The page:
The DIFC Court of Appeal revisits when the time-clock starts to tick under Sub-Clause 20.1 of FIDIC


In order to claim time and/or money under the FIDIC 1999 forms of Contract, there is a requirement to give notice under the first paragraph of Sub-Clause 20.1. The second paragraph of Sub-Clause 20.1 makes it clear that a failure to give notice has the draconian consequence that the Contractor will not be able to proceed with its claim. One would have thought, therefore, that the moment when the time-clock starts to run and hence ends would be clear.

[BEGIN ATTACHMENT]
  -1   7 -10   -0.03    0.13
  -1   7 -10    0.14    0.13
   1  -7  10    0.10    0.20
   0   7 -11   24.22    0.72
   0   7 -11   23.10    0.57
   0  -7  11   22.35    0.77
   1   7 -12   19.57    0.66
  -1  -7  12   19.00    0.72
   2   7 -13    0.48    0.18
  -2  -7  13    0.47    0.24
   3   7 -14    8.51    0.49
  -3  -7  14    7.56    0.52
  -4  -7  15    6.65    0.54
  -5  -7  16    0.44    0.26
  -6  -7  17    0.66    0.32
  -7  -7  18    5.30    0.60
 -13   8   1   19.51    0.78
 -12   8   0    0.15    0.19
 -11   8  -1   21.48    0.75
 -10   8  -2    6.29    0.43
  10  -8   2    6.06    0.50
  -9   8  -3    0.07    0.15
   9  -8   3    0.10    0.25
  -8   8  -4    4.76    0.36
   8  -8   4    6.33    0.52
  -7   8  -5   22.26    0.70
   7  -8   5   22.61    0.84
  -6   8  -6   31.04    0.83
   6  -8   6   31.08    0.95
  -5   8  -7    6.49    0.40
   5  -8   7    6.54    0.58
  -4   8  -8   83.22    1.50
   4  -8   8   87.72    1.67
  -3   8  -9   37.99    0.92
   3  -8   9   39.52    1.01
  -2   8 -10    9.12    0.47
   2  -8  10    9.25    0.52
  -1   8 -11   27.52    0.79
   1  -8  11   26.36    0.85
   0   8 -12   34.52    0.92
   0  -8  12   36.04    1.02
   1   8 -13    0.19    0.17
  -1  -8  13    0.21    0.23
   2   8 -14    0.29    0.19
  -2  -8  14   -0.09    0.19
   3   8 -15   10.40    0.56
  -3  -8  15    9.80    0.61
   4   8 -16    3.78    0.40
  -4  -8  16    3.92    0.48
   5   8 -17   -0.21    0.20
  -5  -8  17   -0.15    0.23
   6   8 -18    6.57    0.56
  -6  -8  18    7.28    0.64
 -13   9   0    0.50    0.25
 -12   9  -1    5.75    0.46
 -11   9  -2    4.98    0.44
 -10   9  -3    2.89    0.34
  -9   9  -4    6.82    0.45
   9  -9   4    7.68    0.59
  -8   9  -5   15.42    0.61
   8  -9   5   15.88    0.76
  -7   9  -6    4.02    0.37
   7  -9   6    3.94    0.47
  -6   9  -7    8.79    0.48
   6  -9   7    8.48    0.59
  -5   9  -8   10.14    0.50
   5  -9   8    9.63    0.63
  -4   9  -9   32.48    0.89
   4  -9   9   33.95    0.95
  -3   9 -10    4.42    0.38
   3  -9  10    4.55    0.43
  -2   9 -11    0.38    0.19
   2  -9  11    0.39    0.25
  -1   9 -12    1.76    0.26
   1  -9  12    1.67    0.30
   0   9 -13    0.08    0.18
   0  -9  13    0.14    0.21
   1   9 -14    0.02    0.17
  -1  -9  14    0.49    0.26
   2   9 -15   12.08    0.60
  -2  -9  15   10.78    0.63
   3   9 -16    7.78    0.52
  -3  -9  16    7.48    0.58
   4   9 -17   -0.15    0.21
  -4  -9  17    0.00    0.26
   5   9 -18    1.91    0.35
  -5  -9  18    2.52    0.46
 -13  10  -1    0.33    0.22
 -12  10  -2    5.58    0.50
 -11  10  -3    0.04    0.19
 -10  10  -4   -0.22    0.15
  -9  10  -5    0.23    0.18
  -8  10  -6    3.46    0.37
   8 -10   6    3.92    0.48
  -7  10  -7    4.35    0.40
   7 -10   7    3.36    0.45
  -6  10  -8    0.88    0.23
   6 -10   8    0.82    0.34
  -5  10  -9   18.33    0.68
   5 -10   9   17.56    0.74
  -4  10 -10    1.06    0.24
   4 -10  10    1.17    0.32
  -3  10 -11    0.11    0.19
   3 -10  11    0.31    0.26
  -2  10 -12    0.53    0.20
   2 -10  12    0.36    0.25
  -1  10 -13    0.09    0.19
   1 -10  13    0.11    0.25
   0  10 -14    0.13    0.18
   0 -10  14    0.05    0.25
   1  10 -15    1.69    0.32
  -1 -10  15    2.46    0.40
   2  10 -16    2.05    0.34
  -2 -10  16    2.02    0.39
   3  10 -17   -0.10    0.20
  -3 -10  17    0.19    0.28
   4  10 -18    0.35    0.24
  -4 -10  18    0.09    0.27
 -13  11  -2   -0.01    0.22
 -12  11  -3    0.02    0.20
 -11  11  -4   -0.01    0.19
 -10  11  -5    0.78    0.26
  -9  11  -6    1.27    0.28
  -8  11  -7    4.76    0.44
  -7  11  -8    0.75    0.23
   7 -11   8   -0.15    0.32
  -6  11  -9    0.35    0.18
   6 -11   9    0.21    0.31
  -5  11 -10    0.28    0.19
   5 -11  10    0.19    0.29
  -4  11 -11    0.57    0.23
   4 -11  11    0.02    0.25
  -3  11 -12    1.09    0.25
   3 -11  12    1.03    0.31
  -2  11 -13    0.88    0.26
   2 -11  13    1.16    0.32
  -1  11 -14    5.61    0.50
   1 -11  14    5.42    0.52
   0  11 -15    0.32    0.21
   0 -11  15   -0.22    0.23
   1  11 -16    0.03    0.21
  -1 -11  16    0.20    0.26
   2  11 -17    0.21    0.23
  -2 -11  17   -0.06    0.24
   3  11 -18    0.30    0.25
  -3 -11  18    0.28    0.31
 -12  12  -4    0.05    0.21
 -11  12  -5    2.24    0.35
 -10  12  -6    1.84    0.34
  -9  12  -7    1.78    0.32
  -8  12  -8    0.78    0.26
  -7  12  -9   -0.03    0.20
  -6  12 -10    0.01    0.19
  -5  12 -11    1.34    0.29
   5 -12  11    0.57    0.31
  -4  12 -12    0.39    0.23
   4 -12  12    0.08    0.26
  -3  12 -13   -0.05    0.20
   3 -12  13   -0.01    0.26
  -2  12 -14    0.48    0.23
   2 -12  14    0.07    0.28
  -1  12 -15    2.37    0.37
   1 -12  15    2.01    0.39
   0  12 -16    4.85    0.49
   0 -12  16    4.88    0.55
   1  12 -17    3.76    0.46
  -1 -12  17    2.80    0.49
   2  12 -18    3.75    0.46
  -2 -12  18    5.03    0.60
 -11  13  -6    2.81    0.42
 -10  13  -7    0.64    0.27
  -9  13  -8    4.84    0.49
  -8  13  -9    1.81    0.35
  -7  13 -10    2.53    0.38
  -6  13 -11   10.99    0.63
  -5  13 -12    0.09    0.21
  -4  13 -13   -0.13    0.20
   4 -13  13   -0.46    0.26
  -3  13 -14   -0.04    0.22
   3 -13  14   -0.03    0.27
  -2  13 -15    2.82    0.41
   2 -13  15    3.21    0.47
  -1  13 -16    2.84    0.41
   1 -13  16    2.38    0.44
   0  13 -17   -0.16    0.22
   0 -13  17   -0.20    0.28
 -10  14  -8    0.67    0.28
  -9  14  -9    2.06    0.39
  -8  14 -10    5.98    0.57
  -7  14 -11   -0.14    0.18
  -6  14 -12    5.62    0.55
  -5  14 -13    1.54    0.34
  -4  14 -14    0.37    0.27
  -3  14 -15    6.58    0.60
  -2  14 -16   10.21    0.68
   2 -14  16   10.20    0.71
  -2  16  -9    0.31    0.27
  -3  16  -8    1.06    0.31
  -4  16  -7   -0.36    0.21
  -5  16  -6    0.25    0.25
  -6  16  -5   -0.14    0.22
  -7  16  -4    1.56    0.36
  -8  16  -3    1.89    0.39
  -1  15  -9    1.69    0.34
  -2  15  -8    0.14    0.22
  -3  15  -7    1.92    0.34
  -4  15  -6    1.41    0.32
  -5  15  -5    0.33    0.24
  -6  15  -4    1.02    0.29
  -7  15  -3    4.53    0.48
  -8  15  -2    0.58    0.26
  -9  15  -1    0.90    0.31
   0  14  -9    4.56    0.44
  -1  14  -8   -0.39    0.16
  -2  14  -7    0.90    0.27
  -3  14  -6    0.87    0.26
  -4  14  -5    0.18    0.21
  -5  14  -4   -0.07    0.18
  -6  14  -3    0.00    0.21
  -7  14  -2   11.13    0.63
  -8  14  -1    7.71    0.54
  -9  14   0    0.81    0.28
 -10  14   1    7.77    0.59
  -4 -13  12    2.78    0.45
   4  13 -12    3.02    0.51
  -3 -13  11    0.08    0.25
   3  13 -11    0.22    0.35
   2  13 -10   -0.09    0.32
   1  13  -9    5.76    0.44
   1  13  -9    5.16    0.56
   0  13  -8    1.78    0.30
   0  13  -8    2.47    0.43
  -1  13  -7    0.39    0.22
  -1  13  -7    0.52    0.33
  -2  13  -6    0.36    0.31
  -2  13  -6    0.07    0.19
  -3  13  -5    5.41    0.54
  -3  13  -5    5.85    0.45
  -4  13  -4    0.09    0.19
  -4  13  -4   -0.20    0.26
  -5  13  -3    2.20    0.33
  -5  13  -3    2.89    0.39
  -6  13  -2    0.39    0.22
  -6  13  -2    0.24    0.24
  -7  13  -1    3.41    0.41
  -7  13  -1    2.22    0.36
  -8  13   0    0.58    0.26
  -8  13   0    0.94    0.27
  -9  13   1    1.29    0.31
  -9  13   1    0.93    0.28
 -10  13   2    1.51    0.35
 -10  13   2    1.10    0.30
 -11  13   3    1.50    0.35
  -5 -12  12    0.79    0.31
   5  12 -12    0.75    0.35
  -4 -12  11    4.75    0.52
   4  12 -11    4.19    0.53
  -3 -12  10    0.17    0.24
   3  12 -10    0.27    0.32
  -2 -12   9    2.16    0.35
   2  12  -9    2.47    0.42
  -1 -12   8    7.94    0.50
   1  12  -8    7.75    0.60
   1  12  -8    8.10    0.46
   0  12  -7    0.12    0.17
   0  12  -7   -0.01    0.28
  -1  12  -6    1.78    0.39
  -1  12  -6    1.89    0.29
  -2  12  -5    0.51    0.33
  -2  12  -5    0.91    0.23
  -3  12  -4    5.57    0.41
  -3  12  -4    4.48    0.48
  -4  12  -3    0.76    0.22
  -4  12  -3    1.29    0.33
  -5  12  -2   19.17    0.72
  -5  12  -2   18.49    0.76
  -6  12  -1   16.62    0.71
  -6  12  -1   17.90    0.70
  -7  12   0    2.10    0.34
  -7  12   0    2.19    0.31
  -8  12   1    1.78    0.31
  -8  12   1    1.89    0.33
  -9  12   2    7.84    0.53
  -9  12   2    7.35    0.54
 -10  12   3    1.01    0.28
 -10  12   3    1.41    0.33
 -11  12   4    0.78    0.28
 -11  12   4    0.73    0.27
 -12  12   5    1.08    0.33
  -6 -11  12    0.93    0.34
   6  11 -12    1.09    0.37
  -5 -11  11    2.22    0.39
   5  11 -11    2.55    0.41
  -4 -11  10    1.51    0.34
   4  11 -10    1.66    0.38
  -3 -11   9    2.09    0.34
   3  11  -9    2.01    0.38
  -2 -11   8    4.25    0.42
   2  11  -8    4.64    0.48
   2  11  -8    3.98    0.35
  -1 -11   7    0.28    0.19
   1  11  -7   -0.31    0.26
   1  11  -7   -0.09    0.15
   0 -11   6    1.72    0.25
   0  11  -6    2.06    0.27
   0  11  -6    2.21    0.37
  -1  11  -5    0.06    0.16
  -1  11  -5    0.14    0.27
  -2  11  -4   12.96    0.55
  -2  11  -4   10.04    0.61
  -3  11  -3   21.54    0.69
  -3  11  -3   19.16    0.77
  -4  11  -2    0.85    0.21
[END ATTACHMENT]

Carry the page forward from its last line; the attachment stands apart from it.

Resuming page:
Mr Justice Akenhead in the Gibraltar tunnel case (Obrascon v HM’s AG for Gibraltar [2014] EWHC 1028 (TCC)) gave his interpretation of when the time-clock starts to run. The DIFC Court of Appeal in the recent case of Panther Real Estate Development LLC v Modern Executive Systems Contracting LLC CA 016/2022 (12 May 2022) disagrees. 

Victoria Tyson, counsel in the Gibraltar Tunnel case will be giving her views on the judgement shortly – watch this space.

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The DIFC Court of Appeal states: "later in his judgment Akenhead J appears to say that time can start to run from the moment, usually later in time, that delay to completion of the works in fact occurred or started to occur. We see difficulties with this analysis."
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